Memory: why it matters and how it works - lecture now on YouTube

Memory: why it matters and how it works - lecture now on YouTube

 

Monday, 20 February, 2017

Our 2016 Christmas Lecture by Professor Richard Morris (Professor of Neuroscience, Centre for Cognitive & Neural Systems, and 2016 Brain Prize Winner) on 'Memory: why it matters and how it works' is now available to view on our Edinburgh Neuroscience YouTube channel. Please feel free to share with family and friends!

The Edinburgh Neuroscience Christmas Lecture 2016

delivered by Professor Richard Morris, CBE, FRS, Professor of Neuroscience, Centre for Cognitive & Neural Systems, and 2016 Brain Prize Winner

This lecture made available thanks to the British Neuroscience Association (BNA) - The Voice of British Neuroscience Today

Talk Abstract

Memory is fundamental to human life. Different forms of memory enable us to learn, keep track of events as they happen, and remember episodes from the past. As we do so, we also build up a storehouse of personal and public knowledge that we use all the time. In this Christmas lecture, I will try to convey why memory matters and how we think it works in the brain. Is there a single place in the brain where it resides – no! Is there just one mechanism of memory – no! Despite the complexities, and speaking to the theme of “It’s the circuit, stupid”, this lecture will describe how neuroscientists are gradually getting a handle on the various types of memory and how, in particular, long-term memory requires the brain to change physically in response to experience – a capacity called plasticity. But plasticity has to be embedded into specific circuits of brain cells, and it is the presence of such circuits that marks off the brain from the other organs of the body.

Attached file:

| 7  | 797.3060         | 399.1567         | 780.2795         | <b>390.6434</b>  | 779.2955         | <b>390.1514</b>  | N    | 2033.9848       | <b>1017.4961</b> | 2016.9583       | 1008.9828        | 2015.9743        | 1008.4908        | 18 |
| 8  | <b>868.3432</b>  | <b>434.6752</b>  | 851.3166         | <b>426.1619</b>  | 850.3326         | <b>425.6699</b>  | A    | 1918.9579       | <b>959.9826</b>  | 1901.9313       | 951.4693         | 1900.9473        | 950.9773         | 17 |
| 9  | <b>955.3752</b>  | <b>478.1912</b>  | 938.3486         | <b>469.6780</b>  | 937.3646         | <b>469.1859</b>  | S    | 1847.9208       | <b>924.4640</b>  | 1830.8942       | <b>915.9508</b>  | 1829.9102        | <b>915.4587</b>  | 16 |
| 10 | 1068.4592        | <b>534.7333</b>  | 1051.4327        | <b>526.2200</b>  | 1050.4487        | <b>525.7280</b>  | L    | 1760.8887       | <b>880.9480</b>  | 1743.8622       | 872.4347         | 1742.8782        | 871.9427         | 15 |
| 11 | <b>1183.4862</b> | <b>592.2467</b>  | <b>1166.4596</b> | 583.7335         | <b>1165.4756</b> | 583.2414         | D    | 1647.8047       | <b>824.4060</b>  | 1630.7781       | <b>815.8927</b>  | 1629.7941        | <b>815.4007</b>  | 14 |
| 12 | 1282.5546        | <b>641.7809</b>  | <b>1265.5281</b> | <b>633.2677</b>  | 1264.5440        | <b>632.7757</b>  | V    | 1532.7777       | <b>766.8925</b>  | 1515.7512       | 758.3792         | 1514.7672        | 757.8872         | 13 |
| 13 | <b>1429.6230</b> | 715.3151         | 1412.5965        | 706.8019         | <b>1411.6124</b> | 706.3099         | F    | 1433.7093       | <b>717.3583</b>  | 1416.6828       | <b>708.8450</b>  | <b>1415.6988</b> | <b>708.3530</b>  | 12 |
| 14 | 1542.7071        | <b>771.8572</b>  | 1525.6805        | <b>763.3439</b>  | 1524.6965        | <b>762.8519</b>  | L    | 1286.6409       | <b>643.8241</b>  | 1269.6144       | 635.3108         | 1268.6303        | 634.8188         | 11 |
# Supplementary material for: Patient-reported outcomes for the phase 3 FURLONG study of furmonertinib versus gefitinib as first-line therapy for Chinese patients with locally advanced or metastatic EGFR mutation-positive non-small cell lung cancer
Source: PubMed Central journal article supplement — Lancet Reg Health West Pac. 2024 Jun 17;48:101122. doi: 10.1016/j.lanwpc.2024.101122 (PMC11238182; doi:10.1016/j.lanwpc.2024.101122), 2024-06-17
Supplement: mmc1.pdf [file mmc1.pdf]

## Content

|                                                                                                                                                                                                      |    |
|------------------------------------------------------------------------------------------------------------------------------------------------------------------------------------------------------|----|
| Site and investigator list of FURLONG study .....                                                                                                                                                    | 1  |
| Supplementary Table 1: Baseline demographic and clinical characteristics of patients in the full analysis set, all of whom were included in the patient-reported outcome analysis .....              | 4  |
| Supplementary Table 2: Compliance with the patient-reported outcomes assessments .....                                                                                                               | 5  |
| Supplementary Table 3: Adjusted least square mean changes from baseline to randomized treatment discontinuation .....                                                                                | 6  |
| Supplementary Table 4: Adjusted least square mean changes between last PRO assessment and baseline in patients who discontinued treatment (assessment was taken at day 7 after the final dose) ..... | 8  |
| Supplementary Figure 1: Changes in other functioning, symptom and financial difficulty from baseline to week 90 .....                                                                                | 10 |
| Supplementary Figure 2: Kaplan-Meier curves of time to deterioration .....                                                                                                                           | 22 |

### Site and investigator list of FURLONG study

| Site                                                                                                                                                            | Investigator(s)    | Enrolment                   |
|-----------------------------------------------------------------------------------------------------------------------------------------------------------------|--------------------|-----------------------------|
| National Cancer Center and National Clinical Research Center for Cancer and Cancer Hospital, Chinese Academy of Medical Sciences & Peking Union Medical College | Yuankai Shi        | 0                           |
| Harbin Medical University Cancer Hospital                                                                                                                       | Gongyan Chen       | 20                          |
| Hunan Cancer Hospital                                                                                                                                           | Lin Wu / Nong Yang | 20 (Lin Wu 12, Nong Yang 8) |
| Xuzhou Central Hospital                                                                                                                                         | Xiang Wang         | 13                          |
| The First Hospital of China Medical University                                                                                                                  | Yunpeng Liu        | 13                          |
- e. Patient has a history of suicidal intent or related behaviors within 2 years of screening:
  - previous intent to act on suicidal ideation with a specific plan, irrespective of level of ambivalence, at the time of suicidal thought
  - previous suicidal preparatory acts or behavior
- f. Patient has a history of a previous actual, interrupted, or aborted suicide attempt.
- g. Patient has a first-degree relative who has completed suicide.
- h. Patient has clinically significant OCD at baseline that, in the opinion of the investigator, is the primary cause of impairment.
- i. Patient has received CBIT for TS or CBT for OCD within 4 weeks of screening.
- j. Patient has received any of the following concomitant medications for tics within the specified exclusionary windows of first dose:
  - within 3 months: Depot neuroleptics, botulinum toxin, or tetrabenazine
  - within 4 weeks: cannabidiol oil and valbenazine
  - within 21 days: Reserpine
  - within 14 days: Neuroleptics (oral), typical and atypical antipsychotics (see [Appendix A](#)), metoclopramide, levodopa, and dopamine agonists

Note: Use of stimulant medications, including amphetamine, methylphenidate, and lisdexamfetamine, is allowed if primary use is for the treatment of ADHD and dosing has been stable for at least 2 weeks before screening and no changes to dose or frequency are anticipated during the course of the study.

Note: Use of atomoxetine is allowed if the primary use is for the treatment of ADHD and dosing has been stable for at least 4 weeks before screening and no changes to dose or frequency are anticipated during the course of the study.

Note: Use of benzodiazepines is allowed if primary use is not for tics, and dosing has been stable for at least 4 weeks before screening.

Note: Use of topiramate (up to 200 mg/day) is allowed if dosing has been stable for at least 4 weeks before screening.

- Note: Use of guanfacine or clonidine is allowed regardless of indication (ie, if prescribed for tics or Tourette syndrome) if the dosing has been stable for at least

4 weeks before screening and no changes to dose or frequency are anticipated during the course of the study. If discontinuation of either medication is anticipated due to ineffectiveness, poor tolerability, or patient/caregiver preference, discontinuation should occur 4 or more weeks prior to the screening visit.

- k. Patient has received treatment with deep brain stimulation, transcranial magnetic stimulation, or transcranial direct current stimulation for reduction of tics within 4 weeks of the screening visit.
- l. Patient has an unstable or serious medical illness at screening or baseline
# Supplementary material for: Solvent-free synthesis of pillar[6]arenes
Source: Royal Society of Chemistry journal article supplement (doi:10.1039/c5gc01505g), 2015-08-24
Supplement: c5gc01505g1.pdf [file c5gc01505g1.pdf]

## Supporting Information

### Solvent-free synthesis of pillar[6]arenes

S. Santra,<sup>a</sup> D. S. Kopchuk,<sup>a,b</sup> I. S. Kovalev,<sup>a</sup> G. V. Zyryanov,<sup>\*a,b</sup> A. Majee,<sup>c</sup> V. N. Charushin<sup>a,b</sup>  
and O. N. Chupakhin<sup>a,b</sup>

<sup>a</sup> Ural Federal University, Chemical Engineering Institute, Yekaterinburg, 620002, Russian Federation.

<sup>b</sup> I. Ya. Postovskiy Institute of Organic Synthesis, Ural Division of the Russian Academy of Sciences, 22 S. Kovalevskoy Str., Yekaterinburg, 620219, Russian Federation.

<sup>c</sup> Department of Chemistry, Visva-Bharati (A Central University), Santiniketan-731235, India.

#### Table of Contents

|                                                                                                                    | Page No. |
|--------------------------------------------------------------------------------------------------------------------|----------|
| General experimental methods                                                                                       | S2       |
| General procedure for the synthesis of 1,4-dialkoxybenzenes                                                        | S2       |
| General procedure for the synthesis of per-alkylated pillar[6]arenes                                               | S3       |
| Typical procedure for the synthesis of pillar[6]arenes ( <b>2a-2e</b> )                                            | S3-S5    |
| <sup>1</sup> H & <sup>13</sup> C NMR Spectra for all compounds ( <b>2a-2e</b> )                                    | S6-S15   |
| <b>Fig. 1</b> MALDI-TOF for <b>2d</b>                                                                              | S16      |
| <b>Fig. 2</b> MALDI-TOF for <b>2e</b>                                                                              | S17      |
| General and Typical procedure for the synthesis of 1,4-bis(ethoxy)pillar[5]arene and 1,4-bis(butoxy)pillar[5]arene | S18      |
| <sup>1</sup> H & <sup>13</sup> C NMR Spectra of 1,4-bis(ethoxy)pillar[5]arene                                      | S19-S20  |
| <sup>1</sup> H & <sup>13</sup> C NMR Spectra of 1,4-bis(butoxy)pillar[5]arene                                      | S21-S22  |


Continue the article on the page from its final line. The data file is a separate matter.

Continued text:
About the speaker

Professor Richard Morris, CBE, FRS was until recently, Director of the Centre for Cognitive and Neural Systems at the University of Edinburgh where he continues to direct an international laboratory devoted to understanding the neurobiology of memory. He has worked in Scotland for nearly 40 years, considering it his ‘home from home’. He and his colleagues have been instrumental in making a number of novel discoveries about memory. A Fellow of both the Royal Society of Edinburgh and of London, he was awarded the prestigious Fondation Ipsen prize for Neural Plasticity in 2013, the Royal Medal for Science by the Royal Society of Edinburgh in 2014 and, most recently, the Brain Prize in 2016.